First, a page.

In an interview accompanying the show, the artist speaks of the 'idea of landscape which is full of life...nobody knows, within a second, just by a little act of terror... it transforms.' Qureshi's work often references the political situation in Pakistan but his intention is not to make work parading brutalities, rather he seeks to name the universal presence of violence. As he explains, “...there’s a lot of violence around me in Pakistan, but then there is a lot of violence all over the world. Violence is not a strange thing or a stranger for anyone."* In Where the Shadows are so Deep, we find life as well as darkness even in the deepest shadows of The Curve. Qureshi's achievement is that he communicates so much more about the nature of violence because it is shot through with such shimmering beauty. It is an extraordinary achievement AND it's there until July 10th. Don't miss it.
* read more
The angel here highlights another requirement: beauty should exist without pride or vanity. To the long list of acceptability criteria, a girl must add modesty, natural grace and, I would suggest, a bird-like appetite - unless she is providing for the appetites of others*, to the list of qualities necessary to be a woman deserving of a happy ending.
* See August Blog The Two Faces of Eve
BP: A Walk Through British Art at Tate Britain covers 500 years of British home-grown talent. I'm not sure that I've ever felt, or wanted to feel, particularly British but, as I wandered from room to room, I was surprised to discover that I was looking for something, a common characteristic that is reflected in my own practice.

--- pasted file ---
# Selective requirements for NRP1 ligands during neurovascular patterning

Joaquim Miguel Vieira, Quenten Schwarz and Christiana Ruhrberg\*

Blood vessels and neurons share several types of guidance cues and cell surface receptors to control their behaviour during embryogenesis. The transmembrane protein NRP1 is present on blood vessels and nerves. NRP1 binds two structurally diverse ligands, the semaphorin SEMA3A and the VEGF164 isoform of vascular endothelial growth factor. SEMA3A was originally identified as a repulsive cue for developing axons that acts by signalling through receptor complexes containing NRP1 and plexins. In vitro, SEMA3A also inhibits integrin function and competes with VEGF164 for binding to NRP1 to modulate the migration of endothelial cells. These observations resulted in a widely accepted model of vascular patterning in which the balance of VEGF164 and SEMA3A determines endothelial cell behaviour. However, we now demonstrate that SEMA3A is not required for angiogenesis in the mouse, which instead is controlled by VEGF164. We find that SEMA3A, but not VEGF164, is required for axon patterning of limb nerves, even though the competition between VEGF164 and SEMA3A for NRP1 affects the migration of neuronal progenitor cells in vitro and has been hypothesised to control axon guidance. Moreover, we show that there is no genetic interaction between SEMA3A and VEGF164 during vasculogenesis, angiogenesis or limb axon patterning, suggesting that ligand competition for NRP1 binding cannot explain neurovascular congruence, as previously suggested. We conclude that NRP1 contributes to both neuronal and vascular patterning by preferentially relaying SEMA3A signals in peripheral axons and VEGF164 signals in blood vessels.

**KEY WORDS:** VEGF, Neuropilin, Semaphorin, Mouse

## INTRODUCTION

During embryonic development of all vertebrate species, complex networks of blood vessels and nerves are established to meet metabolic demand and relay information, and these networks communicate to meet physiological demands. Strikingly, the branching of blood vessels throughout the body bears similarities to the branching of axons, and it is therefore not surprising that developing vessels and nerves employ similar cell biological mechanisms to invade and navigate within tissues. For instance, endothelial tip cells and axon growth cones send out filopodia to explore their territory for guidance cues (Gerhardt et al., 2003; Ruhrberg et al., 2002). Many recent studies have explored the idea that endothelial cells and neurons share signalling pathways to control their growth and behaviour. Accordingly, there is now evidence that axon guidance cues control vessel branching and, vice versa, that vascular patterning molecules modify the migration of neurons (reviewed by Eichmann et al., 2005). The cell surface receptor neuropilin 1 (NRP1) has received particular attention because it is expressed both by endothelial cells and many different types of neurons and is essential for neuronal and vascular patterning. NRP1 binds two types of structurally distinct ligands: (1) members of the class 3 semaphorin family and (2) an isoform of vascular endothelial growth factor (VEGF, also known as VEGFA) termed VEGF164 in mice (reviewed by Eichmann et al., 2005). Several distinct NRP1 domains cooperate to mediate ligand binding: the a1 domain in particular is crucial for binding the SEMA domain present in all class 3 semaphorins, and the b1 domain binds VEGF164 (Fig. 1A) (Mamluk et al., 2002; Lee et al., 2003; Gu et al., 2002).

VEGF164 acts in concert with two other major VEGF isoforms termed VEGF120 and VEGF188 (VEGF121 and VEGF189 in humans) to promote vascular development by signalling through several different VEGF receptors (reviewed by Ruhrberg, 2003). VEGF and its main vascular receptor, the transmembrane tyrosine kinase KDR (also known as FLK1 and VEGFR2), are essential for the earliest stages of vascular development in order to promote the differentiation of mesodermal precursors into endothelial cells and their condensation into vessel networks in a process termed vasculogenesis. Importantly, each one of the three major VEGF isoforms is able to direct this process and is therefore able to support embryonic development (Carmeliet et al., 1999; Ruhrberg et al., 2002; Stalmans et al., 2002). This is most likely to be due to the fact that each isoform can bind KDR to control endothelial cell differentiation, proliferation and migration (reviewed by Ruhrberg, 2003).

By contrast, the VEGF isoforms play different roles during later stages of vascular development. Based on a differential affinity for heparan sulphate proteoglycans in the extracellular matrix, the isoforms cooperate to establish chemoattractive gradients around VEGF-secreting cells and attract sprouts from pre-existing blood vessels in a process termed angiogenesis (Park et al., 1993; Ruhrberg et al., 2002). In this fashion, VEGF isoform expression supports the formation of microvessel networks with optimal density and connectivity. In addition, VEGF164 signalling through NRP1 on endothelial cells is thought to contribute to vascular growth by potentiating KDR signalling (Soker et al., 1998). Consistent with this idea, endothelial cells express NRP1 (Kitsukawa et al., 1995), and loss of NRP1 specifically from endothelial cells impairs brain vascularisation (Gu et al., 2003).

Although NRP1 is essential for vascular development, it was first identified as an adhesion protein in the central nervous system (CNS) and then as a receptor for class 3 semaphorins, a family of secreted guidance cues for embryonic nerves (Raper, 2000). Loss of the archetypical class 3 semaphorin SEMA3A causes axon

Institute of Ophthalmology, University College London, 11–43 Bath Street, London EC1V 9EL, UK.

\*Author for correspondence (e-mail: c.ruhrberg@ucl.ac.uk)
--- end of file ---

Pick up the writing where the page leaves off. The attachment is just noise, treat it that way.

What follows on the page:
Postmodernists might well assert that their arch parodies, nihilism and pastiche subvert and shock society. I am not sure how true this is. As Richard Kearney observes,’ groundbreaking' art is often rapidly assimilated into the mainstream. 'Even the most dissident imaginations appear to be swallowed into the ideology of the simulacrum which prevails in our consumer age'.
* Quotations from THE WAKE OF IMAGINATION Richard Kearney 1988
As part of the research and development process for a new artwork, THE MIND MANAGEMENT CLOSET, I have recently been reading about Neuroscience, specifically the field of Neuroaesthetics which explores what happens in the brain when we view an artwork that inspires. It is now established that a pleasurable reward occurs in the form of a chemical change. In his book, The Splendours and Miseries of the Brain: Love, Creativity and the Quest for Human Happiness (John Wiley and Sons Ltd, 2008), Neuroscientist Semir Zeki. connects this change with a subjective experience of perfection that both viewer and artist are seeking.
It doesn't surprise me that a chemical change is involved. When I describe my viewer's response to Keifer, the language I use is about physical sensation: heartfelt, breathtaking, heart stopping... At a certain moment when I am making a new work, I become infatuated with it, I am drunk on its possibility, my heart races, I am on a high. Then there is the real downer when I start to see it as just something else I made. Semir Zeki cites Lucien Freud on this subject. "A moment of complete happiness never occurs in the creation of a work of art. The promise of it is felt in the act of creation and disappears towards the completion of the work...Were it not for this, the perfect painting might be painted, on the completion of which the painter could retire. It is this great unsufficiency that drives him on...The process is habit forming."